Snohomish County Deputy Prosecutor Edirin Okoloko shows a photo of the car involved in the 2002 Rachel Burkheimer murder during closing statements in the trial of John Whitaker for Burkheimer’s 2002 murder. (Andy Bronson / The Herald)

Snohomish County Deputy Prosecutor Edirin Okoloko shows a photo of the car involved in the 2002 Rachel Burkheimer murder during closing statements in the trial of John Whitaker for Burkheimer’s 2002 murder. (Andy Bronson / The Herald)

Case of 2002 Rachel Burkheimer homicide goes to jurors

EVERETT — The fate of a 2002 murder case remained murky Monday after a Snohomish County judge sent jurors to deliberate without first ruling on a defense motion seeking a mistrial.

Superior Court Judge Linda Krese said she couldn’t find any legal grounds to make a decision before giving the case to jurors.

The jury was expected to return Tuesday morning to deliberate in earnest in the Sept. 23, 2002, shooting death of 18-year-old Rachel Rose Burkheimer. Jurors heard a full day of closing arguments Monday in the case against John Alan Whitaker, 35.

Whitaker, formerly of Lynnwood, is charged with aggravated murder and conspiracy to commit first-degree murder. It’s Whitaker’s second trial. He’d been serving a life sentence until the state Court of Appeals reversed his conviction in 2013. The court found that Whitaker’s right to a public trial was violated in 2004 when the courtroom was briefly closed during questioning of potential jurors.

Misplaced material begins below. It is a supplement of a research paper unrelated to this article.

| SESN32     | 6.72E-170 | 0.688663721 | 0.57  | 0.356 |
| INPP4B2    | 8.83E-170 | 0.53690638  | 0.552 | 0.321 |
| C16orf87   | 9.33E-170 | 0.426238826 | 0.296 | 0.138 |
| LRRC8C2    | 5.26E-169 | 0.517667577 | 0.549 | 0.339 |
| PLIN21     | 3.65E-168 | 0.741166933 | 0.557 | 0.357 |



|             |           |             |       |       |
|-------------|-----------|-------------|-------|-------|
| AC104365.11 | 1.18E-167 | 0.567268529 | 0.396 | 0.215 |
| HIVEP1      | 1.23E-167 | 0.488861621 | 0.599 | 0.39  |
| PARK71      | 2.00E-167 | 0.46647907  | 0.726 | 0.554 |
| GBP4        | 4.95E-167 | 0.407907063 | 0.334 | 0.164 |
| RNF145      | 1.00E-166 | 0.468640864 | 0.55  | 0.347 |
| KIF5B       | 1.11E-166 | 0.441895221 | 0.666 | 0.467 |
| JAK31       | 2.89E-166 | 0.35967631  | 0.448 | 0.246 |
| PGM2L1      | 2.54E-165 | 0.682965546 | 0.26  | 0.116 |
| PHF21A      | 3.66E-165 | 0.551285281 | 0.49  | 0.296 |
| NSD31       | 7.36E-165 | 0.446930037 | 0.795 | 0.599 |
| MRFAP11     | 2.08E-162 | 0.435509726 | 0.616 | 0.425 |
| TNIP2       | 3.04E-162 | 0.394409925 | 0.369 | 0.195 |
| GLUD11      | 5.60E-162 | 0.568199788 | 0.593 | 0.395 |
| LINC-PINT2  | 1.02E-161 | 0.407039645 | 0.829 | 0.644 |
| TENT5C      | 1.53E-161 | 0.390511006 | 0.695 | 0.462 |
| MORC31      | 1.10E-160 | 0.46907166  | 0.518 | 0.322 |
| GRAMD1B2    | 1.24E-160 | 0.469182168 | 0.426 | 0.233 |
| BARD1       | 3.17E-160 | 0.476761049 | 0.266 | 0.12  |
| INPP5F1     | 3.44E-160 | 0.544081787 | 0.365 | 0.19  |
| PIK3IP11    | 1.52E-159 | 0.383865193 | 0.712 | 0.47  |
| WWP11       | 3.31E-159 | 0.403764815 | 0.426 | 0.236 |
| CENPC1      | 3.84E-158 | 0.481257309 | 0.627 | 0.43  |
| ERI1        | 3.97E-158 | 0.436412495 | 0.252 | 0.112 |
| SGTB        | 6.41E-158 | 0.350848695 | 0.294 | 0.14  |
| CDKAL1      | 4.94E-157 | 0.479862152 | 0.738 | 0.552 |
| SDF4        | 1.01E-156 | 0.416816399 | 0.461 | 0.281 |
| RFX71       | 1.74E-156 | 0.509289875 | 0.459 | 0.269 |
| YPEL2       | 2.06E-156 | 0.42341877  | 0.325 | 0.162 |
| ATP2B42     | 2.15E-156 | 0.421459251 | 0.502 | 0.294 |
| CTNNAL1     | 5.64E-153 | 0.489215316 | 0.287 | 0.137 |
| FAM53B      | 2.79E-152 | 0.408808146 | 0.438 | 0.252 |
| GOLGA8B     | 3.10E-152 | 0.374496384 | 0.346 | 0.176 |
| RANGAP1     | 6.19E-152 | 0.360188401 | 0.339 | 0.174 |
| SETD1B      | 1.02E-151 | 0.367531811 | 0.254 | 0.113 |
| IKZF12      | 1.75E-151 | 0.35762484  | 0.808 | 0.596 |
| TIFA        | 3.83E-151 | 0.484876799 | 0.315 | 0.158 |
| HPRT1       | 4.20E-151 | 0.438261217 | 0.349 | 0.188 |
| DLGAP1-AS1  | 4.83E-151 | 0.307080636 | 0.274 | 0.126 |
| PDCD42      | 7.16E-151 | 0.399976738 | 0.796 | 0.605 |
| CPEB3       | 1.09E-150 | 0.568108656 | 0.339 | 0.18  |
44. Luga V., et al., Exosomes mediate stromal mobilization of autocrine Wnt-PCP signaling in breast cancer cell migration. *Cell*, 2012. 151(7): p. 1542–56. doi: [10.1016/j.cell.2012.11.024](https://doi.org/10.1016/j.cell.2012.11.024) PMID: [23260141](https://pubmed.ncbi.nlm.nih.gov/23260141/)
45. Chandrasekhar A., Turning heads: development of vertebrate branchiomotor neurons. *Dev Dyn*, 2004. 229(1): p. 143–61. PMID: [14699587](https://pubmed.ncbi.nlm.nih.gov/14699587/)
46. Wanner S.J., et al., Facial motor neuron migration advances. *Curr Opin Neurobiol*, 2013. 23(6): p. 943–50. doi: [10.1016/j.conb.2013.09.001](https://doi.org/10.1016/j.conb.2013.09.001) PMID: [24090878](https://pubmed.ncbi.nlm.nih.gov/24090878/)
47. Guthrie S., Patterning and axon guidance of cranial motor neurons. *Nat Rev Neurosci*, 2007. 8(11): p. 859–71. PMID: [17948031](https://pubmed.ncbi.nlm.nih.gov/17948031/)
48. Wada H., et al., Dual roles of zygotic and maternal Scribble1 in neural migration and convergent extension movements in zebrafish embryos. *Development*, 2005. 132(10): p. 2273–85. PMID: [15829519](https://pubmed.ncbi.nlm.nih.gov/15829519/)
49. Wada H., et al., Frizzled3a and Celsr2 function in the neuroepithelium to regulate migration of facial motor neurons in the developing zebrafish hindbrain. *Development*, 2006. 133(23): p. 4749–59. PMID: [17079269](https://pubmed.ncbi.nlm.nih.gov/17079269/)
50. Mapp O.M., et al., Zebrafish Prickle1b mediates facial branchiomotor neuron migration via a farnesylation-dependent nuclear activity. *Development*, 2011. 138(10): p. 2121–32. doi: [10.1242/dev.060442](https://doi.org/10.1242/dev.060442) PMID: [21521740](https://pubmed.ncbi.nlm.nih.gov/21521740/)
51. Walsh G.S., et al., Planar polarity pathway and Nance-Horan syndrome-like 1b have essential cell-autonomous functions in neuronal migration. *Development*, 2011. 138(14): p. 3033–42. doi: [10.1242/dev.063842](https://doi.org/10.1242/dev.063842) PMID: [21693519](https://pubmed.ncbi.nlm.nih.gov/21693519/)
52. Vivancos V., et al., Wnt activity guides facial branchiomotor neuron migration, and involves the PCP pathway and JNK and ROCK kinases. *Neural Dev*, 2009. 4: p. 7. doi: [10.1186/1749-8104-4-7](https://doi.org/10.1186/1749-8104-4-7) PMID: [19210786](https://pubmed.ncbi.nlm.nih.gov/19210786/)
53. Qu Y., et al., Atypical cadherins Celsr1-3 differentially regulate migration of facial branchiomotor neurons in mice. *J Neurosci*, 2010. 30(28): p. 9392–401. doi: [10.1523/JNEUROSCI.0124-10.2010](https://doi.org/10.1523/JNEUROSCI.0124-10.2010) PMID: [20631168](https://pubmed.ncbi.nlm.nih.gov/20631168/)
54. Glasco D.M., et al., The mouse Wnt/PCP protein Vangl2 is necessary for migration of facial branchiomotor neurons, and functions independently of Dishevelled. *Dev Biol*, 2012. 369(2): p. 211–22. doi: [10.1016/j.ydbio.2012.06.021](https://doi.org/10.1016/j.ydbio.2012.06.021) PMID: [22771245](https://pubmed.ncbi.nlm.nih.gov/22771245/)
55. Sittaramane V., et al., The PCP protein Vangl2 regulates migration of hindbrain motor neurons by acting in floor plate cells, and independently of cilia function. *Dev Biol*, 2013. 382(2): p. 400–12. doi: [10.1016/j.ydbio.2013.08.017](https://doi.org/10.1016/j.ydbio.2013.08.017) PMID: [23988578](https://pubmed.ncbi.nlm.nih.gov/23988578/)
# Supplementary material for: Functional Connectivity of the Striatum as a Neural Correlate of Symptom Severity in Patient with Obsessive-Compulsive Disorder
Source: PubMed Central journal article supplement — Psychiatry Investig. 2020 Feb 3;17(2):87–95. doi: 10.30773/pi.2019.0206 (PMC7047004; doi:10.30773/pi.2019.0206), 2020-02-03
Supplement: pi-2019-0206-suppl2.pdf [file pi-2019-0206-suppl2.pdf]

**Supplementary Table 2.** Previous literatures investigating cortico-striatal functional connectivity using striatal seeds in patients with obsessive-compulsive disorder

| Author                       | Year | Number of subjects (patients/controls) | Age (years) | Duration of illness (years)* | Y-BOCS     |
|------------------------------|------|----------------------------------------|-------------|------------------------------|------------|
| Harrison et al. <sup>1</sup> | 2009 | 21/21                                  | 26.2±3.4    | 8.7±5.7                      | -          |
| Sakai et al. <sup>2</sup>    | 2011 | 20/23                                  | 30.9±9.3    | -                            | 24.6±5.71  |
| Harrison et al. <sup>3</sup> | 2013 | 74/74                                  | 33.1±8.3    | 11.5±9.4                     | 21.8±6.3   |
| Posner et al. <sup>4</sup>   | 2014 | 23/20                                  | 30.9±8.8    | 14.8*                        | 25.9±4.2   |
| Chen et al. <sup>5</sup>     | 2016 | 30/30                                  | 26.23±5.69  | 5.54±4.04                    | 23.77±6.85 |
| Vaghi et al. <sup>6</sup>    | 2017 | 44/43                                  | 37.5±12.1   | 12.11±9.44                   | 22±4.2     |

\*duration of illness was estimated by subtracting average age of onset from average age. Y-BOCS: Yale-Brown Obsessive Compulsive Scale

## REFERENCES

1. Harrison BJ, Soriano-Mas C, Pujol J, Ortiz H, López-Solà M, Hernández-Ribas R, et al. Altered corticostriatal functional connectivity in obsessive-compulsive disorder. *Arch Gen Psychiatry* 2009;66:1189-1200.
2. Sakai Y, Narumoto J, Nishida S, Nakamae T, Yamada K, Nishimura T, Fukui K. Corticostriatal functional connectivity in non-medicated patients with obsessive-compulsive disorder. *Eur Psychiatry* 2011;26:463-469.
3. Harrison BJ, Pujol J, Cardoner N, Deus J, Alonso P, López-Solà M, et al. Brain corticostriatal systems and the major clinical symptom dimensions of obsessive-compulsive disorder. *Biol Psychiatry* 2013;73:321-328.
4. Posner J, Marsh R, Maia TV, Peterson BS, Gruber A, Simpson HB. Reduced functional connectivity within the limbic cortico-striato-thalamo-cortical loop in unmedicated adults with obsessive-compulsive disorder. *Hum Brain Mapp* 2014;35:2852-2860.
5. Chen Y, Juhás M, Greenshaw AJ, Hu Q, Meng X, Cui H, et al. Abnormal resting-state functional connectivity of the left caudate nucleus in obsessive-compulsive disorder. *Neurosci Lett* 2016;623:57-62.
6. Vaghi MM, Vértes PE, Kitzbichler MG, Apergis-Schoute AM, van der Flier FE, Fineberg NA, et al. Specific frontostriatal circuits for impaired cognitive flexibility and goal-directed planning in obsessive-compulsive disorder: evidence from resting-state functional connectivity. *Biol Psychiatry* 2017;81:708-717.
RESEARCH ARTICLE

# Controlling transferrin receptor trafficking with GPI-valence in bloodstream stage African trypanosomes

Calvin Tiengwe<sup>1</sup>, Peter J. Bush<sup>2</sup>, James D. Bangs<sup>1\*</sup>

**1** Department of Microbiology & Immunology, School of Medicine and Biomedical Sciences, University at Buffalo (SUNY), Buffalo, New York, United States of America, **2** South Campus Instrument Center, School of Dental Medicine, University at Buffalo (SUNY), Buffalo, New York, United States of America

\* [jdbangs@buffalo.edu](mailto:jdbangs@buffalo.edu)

As the current trial was wrapping up last week, Whitaker’s attorneys made a motion seeking a mistrial based on testimony from one of the state’s final witnesses.

Snohomish County deputy prosecutor Edirin Okoloko sought to elicit testimony about statements that Whitaker made to a sheriff’s detective after the defendant already had spoken to FBI agents. Okoloko said he was caught off guard when the detective testified that Whitaker at one point had invoked his right to remain silent.

It’s improper for witnesses to testify that a defendant declined to speak with authorities. The deputy prosecutor said he believed that Whitaker had waived his rights because he later talked to the detective.

The legal question becomes whether the testimony irreparably harmed Whitaker’s right to a fair trial, Krese said Friday.

The judge declined the prosecutors’ request to make the ruling before giving the case to jurors. Presumably Krese could avoid ruling on the motion if the jury acquits Whitaker.

Okoloko didn’t mention the problematic testimony in Monday’s closing arguments. Instead, he told jurors that Whitaker had cooperated with FBI agents, speaking with them for hours after his arrest in California.

Whitaker tried to minimize his involvement but “he was there every step of the way up to her murder,” Okoloko said.

Burkheimer wasn’t just a victim of a jealous and violent ex-boyfriend. She also was the victim of the worst kind of betrayal, Okoloko argued.

The Marysville girl’s friends, including Whitaker, walked her to her death because they were more loyal to her ex-boyfriend, John “Diggy” Anderson, more loyal to the self-styled criminal group they called the Northwest Mafia.